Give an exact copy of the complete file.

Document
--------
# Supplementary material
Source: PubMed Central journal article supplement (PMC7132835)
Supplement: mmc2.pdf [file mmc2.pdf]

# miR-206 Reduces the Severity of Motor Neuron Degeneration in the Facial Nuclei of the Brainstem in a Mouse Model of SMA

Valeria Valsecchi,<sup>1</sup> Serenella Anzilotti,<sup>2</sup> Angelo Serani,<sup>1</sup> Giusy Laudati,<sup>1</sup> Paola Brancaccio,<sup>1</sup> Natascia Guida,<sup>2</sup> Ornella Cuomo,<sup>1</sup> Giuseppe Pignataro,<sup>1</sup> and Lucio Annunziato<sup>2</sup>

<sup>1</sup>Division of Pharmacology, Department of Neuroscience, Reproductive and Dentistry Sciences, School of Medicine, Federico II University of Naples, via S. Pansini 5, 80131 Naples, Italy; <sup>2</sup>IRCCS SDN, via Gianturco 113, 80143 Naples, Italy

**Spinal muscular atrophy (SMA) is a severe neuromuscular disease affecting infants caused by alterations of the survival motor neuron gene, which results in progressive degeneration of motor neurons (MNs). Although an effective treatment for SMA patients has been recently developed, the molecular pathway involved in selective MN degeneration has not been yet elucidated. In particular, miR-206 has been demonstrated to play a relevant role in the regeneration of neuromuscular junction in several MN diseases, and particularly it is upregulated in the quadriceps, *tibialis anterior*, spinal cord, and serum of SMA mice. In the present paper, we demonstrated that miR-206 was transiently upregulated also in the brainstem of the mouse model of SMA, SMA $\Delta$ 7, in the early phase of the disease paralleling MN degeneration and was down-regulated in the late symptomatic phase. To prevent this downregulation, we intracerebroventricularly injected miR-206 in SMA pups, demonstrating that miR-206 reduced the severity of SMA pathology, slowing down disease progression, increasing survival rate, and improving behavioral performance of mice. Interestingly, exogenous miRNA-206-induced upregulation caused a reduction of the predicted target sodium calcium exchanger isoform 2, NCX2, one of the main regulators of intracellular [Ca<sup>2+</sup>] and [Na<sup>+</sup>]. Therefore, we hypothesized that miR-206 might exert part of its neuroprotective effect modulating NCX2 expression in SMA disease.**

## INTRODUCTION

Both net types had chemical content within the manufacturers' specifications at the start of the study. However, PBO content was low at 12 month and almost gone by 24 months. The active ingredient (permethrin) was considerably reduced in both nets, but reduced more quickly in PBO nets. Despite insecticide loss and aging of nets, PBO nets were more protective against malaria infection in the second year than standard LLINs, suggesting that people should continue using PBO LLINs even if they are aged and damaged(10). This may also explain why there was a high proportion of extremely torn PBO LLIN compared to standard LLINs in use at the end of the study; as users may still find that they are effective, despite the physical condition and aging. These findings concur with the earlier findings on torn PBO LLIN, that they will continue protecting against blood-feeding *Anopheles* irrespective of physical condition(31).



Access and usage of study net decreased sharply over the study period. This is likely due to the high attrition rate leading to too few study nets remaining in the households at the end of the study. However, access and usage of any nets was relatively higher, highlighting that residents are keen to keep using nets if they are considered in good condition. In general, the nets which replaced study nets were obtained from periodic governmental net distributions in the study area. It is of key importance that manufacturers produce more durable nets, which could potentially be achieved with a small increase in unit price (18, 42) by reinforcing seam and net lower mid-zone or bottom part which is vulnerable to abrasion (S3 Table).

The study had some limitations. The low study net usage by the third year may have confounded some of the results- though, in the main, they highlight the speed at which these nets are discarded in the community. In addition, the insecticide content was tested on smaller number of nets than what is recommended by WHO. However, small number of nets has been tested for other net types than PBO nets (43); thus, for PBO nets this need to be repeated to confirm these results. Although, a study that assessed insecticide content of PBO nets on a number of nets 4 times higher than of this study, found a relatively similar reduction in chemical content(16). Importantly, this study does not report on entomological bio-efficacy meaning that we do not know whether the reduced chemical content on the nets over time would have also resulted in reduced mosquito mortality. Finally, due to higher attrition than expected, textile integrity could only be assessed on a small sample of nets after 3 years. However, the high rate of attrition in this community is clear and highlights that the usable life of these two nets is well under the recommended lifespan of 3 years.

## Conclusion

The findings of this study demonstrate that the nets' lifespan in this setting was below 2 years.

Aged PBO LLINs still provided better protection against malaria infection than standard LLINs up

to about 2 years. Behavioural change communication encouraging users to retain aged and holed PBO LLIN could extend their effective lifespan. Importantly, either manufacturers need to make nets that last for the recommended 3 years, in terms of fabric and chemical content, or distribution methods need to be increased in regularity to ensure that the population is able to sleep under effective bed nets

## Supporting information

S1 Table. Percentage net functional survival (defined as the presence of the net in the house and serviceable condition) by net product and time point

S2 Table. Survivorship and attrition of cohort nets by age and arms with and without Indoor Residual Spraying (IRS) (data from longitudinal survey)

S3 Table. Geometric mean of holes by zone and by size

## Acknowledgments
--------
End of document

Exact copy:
# Supplementary material
Source: PubMed Central journal article supplement (PMC7132835)
Supplement: mmc2.pdf [file mmc2.pdf]

# miR-206 Reduces the Severity of Motor Neuron Degeneration in the Facial Nuclei of the Brainstem in a Mouse Model of SMA

Valeria Valsecchi,<sup>1</sup> Serenella Anzilotti,<sup>2</sup> Angelo Serani,<sup>1</sup> Giusy Laudati,<sup>1</sup> Paola Brancaccio,<sup>1</sup> Natascia Guida,<sup>2</sup> Ornella Cuomo,<sup>1</sup> Giuseppe Pignataro,<sup>1</sup> and Lucio Annunziato<sup>2</sup>

<sup>1</sup>Division of Pharmacology, Department of Neuroscience, Reproductive and Dentistry Sciences, School of Medicine, Federico II University of Naples, via S. Pansini 5, 80131 Naples, Italy; <sup>2</sup>IRCCS SDN, via Gianturco 113, 80143 Naples, Italy

**Spinal muscular atrophy (SMA) is a severe neuromuscular disease affecting infants caused by alterations of the survival motor neuron gene, which results in progressive degeneration of motor neurons (MNs). Although an effective treatment for SMA patients has been recently developed, the molecular pathway involved in selective MN degeneration has not been yet elucidated. In particular, miR-206 has been demonstrated to play a relevant role in the regeneration of neuromuscular junction in several MN diseases, and particularly it is upregulated in the quadriceps, *tibialis anterior*, spinal cord, and serum of SMA mice. In the present paper, we demonstrated that miR-206 was transiently upregulated also in the brainstem of the mouse model of SMA, SMA $\Delta$ 7, in the early phase of the disease paralleling MN degeneration and was down-regulated in the late symptomatic phase. To prevent this downregulation, we intracerebroventricularly injected miR-206 in SMA pups, demonstrating that miR-206 reduced the severity of SMA pathology, slowing down disease progression, increasing survival rate, and improving behavioral performance of mice. Interestingly, exogenous miRNA-206-induced upregulation caused a reduction of the predicted target sodium calcium exchanger isoform 2, NCX2, one of the main regulators of intracellular [Ca<sup>2+</sup>] and [Na<sup>+</sup>]. Therefore, we hypothesized that miR-206 might exert part of its neuroprotective effect modulating NCX2 expression in SMA disease.**

## INTRODUCTION

Both net types had chemical content within the manufacturers' specifications at the start of the study. However, PBO content was low at 12 month and almost gone by 24 months. The active ingredient (permethrin) was considerably reduced in both nets, but reduced more quickly in PBO nets. Despite insecticide loss and aging of nets, PBO nets were more protective against malaria infection in the second year than standard LLINs, suggesting that people should continue using PBO LLINs even if they are aged and damaged(10). This may also explain why there was a high proportion of extremely torn PBO LLIN compared to standard LLINs in use at the end of the study; as users may still find that they are effective, despite the physical condition and aging. These findings concur with the earlier findings on torn PBO LLIN, that they will continue protecting against blood-feeding *Anopheles* irrespective of physical condition(31).



Access and usage of study net decreased sharply over the study period. This is likely due to the high attrition rate leading to too few study nets remaining in the households at the end of the study. However, access and usage of any nets was relatively higher, highlighting that residents are keen to keep using nets if they are considered in good condition. In general, the nets which replaced study nets were obtained from periodic governmental net distributions in the study area. It is of key importance that manufacturers produce more durable nets, which could potentially be achieved with a small increase in unit price (18, 42) by reinforcing seam and net lower mid-zone or bottom part which is vulnerable to abrasion (S3 Table).

The study had some limitations. The low study net usage by the third year may have confounded some of the results- though, in the main, they highlight the speed at which these nets are discarded in the community. In addition, the insecticide content was tested on smaller number of nets than what is recommended by WHO. However, small number of nets has been tested for other net types than PBO nets (43); thus, for PBO nets this need to be repeated to confirm these results. Although, a study that assessed insecticide content of PBO nets on a number of nets 4 times higher than of this study, found a relatively similar reduction in chemical content(16). Importantly, this study does not report on entomological bio-efficacy meaning that we do not know whether the reduced chemical content on the nets over time would have also resulted in reduced mosquito mortality. Finally, due to higher attrition than expected, textile integrity could only be assessed on a small sample of nets after 3 years. However, the high rate of attrition in this community is clear and highlights that the usable life of these two nets is well under the recommended lifespan of 3 years.

## Conclusion

The findings of this study demonstrate that the nets' lifespan in this setting was below 2 years.

Aged PBO LLINs still provided better protection against malaria infection than standard LLINs up

to about 2 years. Behavioural change communication encouraging users to retain aged and holed PBO LLIN could extend their effective lifespan. Importantly, either manufacturers need to make nets that last for the recommended 3 years, in terms of fabric and chemical content, or distribution methods need to be increased in regularity to ensure that the population is able to sleep under effective bed nets

## Supporting information

S1 Table. Percentage net functional survival (defined as the presence of the net in the house and serviceable condition) by net product and time point

S2 Table. Survivorship and attrition of cohort nets by age and arms with and without Indoor Residual Spraying (IRS) (data from longitudinal survey)

S3 Table. Geometric mean of holes by zone and by size

## Acknowledgments